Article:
Now that it is 2023, it’s time to catch up on the travels of 2022. Let’s go back to October and the last of three museums we visited in Washington, D.C.: The National Museum of African American History and Culture.
The path through the museum starts in Africa and takes the visitor through . . . actually, I’m not sure where it ends because we read, viewed and absorbed so much along the way that the museum keepers had to chase us out the exit doors – without even a visit to the bookstore or the gift shop. We made it past the civil-rights era of the 1960s and somewhat beyond.
I mostly got stuck in Africa and the early years of slavery in American colonies. Took me forever to stop reading about Queen Nzingha, who “had fought against (Portuguese) colonial and slave raiding attacks for decades.” She “died on December 17, 1663 at the age of 80. Unfortunately, her death accelerated Portuguese colonial occupation, as well as their Atlantic slave trade activities in central west Africa.”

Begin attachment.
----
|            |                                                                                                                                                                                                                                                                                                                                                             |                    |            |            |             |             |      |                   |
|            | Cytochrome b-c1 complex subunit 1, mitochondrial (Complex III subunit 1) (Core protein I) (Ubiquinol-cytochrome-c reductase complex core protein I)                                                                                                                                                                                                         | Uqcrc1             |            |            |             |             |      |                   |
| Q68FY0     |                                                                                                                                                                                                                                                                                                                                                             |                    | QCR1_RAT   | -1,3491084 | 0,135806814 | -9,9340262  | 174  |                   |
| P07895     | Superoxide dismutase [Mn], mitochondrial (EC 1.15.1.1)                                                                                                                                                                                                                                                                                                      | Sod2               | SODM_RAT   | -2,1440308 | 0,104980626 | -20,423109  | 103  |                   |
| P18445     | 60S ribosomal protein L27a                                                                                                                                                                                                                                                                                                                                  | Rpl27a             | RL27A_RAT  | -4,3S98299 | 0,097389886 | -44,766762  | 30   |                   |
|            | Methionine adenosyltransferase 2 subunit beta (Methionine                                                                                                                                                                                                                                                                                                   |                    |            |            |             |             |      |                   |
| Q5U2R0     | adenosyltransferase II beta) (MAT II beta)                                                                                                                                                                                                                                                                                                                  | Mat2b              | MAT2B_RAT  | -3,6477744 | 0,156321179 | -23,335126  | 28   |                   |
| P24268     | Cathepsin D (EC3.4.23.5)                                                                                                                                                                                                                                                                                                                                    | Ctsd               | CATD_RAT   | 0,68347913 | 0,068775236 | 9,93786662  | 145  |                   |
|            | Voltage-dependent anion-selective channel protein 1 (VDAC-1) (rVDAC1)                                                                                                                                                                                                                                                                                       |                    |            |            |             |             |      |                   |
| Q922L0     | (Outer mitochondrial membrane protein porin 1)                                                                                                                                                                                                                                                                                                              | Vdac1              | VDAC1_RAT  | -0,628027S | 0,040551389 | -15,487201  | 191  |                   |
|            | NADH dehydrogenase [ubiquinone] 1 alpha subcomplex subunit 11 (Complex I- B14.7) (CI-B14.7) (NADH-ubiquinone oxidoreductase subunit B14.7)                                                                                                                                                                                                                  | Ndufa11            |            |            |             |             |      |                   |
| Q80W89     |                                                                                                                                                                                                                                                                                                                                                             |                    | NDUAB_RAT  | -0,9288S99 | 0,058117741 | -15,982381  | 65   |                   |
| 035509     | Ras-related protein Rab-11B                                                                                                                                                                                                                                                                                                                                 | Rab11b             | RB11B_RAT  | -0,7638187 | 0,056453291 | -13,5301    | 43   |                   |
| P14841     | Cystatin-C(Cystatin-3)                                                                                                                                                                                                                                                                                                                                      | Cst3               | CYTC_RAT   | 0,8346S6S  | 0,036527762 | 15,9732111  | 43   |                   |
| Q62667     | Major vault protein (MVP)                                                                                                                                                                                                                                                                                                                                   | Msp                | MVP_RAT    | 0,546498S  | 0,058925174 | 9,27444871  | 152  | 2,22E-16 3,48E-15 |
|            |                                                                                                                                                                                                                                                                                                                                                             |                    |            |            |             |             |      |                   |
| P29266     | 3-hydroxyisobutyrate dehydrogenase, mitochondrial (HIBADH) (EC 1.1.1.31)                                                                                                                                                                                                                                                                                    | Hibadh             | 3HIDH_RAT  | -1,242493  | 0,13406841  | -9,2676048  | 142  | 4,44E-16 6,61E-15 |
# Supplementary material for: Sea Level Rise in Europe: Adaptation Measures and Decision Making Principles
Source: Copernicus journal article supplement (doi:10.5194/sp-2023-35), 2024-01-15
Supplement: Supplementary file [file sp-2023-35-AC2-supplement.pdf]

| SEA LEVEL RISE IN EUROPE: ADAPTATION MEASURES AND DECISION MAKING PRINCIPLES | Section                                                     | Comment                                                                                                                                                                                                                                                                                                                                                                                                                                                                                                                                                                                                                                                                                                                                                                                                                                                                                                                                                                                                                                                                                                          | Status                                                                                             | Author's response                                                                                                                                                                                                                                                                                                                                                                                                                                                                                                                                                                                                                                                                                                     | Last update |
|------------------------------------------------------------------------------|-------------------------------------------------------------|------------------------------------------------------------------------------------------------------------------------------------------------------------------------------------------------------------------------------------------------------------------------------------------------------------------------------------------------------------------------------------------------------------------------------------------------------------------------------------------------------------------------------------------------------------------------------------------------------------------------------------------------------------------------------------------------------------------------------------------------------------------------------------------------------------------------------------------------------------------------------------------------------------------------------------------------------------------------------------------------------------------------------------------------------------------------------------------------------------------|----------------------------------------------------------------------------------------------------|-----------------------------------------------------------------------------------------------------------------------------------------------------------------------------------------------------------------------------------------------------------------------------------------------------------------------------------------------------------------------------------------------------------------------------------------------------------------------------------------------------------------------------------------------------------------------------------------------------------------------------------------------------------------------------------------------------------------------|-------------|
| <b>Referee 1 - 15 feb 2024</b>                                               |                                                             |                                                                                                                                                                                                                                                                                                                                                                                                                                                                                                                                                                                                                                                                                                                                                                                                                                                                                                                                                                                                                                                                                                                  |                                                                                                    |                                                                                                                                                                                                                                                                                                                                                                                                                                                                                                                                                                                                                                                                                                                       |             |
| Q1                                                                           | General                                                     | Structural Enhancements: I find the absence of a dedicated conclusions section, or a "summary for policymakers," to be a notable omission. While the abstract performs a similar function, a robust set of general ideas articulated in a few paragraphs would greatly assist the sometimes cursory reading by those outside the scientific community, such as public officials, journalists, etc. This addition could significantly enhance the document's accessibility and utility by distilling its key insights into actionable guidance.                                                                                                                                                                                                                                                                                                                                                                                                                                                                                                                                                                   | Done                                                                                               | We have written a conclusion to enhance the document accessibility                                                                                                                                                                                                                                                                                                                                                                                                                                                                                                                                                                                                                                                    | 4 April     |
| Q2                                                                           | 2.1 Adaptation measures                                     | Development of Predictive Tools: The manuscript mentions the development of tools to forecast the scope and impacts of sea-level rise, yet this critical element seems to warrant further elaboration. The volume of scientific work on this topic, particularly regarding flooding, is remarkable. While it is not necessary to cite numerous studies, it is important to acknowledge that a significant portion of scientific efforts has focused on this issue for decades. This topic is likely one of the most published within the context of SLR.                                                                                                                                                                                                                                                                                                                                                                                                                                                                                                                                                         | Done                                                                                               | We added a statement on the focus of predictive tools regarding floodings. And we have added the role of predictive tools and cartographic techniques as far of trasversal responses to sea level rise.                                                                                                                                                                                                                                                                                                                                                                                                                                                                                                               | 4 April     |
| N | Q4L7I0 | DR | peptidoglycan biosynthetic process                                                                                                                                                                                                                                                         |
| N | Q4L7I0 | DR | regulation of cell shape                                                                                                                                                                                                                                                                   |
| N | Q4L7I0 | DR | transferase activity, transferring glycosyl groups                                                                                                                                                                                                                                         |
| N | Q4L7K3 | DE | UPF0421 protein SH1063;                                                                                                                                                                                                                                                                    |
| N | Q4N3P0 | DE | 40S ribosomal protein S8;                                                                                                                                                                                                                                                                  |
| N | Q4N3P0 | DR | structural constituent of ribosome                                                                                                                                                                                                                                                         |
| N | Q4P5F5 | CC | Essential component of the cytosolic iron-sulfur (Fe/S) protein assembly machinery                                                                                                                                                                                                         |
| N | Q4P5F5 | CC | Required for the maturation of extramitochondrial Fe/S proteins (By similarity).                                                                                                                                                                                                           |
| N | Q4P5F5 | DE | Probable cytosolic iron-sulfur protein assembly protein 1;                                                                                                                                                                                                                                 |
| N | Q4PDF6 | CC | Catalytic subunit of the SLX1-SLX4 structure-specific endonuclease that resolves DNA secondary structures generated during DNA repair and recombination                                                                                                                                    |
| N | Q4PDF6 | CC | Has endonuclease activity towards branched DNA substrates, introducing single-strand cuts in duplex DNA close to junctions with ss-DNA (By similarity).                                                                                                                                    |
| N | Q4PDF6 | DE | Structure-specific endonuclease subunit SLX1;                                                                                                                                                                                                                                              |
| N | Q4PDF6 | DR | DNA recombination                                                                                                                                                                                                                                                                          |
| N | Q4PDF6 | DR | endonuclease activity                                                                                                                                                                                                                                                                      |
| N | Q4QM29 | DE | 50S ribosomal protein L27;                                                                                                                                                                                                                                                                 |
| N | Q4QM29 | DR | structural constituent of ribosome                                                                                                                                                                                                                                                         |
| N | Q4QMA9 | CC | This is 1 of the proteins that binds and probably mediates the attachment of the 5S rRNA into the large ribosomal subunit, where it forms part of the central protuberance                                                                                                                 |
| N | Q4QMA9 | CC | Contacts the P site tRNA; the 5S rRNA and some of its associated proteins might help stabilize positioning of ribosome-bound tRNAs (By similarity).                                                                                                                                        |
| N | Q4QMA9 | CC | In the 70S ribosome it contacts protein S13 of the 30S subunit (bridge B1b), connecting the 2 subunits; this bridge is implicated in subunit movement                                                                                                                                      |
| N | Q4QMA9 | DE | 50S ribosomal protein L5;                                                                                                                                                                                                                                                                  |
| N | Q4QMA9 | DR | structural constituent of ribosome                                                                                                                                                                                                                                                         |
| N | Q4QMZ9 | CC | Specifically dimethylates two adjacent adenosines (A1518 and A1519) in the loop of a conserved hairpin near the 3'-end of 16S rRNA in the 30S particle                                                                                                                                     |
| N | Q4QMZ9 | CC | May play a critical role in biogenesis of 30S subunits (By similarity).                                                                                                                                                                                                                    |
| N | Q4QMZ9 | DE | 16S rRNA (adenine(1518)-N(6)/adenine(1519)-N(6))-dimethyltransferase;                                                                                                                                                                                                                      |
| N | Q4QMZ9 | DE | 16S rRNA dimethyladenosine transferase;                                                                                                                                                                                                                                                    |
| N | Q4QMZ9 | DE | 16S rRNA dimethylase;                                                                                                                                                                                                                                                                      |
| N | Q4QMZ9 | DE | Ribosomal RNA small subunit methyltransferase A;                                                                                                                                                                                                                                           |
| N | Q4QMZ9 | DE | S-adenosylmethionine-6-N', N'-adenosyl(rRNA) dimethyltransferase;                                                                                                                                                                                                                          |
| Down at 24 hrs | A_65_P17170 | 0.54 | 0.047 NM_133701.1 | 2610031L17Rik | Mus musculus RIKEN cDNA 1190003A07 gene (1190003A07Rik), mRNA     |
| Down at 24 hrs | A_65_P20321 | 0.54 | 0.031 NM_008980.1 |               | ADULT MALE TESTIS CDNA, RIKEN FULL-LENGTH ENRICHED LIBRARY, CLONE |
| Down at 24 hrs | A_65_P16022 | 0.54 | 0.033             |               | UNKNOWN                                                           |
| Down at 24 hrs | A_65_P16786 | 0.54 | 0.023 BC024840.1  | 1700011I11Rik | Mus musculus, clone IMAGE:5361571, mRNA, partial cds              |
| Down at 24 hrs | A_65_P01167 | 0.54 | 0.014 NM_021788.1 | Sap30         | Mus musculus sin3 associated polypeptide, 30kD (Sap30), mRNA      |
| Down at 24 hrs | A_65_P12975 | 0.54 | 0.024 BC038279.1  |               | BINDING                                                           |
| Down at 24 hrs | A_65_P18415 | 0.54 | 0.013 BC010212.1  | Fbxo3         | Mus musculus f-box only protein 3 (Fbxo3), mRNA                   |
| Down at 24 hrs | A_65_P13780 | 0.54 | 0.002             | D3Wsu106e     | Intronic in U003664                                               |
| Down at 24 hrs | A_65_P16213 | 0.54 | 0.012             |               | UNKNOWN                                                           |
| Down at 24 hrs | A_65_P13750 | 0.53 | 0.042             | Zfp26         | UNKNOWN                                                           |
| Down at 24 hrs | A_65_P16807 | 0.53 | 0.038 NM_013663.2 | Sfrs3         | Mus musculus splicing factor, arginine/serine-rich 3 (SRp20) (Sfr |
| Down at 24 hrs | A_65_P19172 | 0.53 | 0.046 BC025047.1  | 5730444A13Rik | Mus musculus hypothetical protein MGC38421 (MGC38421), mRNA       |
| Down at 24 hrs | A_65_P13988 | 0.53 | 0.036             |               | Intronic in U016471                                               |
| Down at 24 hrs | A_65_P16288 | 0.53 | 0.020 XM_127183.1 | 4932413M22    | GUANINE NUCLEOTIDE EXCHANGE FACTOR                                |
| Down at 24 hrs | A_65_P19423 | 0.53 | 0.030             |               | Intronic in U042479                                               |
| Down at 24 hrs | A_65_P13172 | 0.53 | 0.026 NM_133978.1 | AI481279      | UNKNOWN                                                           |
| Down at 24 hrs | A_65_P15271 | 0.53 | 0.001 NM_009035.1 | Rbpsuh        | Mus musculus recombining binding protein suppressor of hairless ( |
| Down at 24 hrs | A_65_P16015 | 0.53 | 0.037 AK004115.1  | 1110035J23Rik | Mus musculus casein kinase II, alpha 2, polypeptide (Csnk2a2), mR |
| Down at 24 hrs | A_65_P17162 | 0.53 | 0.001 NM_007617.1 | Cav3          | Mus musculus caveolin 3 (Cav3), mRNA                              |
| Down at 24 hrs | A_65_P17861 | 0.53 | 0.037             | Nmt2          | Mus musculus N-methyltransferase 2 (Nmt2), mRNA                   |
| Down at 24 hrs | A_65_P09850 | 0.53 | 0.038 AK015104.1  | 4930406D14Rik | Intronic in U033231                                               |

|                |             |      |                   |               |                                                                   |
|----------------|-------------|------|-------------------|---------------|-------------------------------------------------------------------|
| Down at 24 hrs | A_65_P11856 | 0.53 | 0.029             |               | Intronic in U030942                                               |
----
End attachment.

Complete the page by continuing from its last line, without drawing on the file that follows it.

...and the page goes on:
Or, the slave trader Henry Laurens, who wrote to his son that he hated slavery while becoming rich from it. Now that I have been introduced to former slave Olaudah Equiano, I’d like to read his autobiography. I’d also like to read more about the 1808 law that prohibited importation of enslaved people to the United States but was a boon to the domestic slave trade as those slave already here and their progeny became more valuable.
I was especially stuck on the narrative laid out in this video, which I returned to twice (people love it when you go backwards through a crowd going forward through a museum):